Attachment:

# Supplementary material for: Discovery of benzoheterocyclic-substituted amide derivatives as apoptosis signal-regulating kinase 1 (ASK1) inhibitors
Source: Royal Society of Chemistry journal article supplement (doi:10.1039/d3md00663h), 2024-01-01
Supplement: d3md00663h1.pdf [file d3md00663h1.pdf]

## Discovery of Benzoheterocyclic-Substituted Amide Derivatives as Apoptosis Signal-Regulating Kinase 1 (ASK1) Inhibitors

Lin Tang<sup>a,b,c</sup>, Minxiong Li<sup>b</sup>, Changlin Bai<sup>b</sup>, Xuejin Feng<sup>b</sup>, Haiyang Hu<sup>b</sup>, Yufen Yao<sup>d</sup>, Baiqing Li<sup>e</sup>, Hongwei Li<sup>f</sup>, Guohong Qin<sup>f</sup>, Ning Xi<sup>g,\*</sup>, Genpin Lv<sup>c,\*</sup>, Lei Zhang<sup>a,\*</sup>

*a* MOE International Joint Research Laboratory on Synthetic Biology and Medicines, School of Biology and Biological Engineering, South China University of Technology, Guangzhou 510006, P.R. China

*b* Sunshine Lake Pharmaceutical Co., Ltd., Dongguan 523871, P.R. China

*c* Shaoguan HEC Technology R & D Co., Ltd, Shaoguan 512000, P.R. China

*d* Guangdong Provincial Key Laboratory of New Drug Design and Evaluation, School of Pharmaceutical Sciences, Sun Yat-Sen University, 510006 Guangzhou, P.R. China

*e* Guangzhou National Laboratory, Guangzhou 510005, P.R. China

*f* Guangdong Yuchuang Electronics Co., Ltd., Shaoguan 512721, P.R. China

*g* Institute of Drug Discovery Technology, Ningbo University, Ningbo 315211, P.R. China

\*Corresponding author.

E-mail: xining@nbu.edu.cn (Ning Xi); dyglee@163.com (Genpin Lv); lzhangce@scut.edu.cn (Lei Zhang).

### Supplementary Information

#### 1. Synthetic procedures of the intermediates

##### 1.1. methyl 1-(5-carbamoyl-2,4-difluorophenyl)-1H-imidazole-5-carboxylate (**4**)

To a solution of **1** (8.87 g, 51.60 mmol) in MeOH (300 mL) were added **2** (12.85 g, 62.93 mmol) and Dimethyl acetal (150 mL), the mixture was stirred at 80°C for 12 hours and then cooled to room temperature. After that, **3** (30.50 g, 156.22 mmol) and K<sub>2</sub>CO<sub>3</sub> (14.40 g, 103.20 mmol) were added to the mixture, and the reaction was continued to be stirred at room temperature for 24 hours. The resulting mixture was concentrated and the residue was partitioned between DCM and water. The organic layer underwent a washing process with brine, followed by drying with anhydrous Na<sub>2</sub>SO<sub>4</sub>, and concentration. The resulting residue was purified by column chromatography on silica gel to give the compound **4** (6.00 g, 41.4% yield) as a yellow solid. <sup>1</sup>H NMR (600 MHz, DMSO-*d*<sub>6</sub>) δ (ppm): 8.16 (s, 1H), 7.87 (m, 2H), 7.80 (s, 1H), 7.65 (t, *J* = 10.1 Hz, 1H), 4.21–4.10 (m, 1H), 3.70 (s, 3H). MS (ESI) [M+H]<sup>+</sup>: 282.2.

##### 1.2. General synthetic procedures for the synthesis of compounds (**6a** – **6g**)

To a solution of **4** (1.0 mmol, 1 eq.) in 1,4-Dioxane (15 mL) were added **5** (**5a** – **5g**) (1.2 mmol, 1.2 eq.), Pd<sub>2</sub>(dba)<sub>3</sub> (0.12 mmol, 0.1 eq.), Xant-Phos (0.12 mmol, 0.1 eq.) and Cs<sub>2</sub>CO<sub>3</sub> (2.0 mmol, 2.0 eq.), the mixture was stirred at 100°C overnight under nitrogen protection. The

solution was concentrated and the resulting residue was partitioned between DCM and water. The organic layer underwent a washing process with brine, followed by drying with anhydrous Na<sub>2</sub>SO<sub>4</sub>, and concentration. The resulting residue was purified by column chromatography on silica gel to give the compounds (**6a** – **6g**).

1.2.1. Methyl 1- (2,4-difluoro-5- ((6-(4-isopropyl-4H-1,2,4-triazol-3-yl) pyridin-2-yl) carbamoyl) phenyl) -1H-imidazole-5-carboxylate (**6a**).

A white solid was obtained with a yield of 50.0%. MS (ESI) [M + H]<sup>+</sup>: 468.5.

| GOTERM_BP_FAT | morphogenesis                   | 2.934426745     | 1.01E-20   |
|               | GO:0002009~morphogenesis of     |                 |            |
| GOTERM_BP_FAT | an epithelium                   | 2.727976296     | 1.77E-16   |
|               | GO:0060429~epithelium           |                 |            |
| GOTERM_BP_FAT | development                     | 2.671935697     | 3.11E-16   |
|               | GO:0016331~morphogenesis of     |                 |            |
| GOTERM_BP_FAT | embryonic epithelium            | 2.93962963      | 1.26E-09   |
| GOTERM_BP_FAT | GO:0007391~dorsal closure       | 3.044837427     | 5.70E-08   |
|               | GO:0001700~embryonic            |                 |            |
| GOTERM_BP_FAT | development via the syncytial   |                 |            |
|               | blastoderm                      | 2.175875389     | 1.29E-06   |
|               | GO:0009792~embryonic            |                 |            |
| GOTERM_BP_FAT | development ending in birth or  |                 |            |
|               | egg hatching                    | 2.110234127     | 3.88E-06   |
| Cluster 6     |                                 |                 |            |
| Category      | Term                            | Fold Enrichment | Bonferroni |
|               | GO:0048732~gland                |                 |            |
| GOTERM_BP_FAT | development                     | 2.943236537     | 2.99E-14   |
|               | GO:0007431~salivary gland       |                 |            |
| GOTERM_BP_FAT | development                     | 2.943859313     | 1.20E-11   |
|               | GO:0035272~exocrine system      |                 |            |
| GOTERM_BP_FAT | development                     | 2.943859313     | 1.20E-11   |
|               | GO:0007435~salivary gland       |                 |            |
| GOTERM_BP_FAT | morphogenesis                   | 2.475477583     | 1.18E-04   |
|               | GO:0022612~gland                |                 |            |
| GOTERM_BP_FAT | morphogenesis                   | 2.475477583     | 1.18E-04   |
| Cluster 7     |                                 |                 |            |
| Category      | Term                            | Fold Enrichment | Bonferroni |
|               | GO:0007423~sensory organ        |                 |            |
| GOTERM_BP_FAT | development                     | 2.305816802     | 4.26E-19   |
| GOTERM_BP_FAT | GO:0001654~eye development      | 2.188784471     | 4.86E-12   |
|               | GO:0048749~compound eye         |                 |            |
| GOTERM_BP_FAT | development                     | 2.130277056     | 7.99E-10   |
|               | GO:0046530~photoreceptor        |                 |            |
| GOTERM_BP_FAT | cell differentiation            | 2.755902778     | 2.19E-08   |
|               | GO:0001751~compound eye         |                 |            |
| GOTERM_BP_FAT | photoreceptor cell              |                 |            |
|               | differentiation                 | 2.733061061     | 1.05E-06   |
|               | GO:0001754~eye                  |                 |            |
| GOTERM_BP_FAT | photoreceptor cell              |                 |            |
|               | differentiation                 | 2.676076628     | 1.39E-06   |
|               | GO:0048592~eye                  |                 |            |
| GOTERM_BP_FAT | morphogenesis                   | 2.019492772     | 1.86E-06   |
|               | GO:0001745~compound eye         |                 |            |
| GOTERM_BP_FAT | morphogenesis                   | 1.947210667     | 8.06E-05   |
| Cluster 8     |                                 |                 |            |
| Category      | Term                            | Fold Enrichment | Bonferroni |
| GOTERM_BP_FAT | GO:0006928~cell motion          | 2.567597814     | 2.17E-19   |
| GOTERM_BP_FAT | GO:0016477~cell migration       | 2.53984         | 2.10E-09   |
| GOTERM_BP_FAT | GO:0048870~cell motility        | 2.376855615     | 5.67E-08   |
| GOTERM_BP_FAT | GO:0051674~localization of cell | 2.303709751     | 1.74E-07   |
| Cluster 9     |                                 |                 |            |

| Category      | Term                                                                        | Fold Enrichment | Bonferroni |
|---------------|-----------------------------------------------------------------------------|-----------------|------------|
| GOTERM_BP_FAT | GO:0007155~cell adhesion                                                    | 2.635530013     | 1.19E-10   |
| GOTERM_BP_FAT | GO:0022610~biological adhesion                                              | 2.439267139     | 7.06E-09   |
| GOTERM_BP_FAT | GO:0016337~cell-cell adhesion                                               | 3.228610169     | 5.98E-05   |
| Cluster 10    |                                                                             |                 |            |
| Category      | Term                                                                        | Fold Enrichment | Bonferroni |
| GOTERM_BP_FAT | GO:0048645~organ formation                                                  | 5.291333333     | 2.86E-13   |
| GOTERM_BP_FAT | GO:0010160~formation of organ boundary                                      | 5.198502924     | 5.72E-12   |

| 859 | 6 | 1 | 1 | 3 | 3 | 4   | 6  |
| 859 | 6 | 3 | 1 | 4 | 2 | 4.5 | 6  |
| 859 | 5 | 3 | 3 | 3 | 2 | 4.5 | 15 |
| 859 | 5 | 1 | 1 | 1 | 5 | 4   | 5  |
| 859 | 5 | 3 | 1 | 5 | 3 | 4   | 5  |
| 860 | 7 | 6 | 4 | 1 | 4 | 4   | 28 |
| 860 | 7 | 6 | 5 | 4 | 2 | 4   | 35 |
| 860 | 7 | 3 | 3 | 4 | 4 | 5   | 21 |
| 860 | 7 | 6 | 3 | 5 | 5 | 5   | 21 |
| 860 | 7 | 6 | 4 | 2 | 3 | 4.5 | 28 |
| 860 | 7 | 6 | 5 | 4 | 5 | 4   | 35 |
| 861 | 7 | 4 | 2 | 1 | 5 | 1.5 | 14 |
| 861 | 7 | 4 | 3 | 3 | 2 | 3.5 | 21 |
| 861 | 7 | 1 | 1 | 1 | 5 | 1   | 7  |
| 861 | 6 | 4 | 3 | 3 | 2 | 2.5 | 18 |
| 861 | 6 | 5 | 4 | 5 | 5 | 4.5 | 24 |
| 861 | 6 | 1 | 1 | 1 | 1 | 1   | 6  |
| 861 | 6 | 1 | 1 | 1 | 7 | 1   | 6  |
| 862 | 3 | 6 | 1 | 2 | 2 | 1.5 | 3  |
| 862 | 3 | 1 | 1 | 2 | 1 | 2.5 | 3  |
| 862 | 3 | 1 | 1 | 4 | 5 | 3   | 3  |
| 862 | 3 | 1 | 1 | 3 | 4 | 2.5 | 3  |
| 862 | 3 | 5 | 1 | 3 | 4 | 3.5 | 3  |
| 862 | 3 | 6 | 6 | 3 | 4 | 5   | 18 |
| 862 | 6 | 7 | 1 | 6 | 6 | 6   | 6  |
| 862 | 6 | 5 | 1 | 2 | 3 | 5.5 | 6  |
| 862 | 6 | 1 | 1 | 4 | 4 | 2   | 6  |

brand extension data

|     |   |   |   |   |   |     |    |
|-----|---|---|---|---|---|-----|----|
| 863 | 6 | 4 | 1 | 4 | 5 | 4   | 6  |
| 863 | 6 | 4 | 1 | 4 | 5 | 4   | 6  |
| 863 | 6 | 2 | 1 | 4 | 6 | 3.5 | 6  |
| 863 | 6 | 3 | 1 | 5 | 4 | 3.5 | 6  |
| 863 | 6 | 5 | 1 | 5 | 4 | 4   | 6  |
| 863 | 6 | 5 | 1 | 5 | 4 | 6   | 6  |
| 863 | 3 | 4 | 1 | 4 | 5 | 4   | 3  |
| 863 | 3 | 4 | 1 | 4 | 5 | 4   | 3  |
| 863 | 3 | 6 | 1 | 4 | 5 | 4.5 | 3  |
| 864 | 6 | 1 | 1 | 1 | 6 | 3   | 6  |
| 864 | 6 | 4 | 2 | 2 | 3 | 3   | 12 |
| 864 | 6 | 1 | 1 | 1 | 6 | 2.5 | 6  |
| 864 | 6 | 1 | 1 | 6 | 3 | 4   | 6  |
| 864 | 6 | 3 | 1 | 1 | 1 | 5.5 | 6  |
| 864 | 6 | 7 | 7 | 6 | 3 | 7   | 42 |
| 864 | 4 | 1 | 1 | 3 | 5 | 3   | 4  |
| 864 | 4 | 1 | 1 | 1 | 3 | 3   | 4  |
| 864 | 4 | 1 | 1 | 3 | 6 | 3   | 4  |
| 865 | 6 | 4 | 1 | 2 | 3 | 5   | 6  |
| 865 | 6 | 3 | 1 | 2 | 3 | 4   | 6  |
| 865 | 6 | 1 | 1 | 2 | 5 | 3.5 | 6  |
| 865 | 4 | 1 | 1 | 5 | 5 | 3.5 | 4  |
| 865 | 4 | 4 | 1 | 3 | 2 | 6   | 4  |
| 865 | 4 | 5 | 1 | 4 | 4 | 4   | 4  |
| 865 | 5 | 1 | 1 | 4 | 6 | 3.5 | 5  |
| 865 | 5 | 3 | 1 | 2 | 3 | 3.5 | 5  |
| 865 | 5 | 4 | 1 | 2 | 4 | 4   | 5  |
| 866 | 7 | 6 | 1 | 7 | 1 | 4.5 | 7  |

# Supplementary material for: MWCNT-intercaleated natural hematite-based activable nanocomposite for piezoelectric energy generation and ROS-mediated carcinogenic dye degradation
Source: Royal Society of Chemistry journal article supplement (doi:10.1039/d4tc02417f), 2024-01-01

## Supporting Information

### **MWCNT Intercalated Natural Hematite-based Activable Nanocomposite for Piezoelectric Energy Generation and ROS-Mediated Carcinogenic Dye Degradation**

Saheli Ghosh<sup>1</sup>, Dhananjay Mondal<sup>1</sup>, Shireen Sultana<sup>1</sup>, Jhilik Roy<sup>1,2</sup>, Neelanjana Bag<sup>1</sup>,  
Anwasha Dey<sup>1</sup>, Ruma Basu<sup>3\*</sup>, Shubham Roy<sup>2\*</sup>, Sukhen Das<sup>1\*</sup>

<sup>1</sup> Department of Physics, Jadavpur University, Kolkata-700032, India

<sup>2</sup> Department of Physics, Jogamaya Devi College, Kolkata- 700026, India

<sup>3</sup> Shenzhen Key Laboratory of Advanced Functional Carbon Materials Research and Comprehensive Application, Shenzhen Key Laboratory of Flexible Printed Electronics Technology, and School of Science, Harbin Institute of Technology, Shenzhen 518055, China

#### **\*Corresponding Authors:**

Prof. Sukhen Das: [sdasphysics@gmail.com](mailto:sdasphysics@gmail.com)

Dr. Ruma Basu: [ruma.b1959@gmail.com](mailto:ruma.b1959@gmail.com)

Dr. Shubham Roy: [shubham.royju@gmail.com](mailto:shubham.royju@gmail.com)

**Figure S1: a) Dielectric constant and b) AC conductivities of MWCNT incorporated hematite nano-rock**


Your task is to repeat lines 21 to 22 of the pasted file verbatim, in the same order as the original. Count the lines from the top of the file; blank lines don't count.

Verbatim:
solution was concentrated and the resulting residue was partitioned between DCM and water. The organic layer underwent a washing process with brine, followed by drying with anhydrous Na<sub>2</sub>SO<sub>4</sub>, and concentration. The resulting residue was purified by column chromatography on silica gel to give the compounds (**6a** – **6g**).

1.2.1. Methyl 1- (2,4-difluoro-5- ((6-(4-isopropyl-4H-1,2,4-triazol-3-yl) pyridin-2-yl) carbamoyl) phenyl) -1H-imidazole-5-carboxylate (**6a**).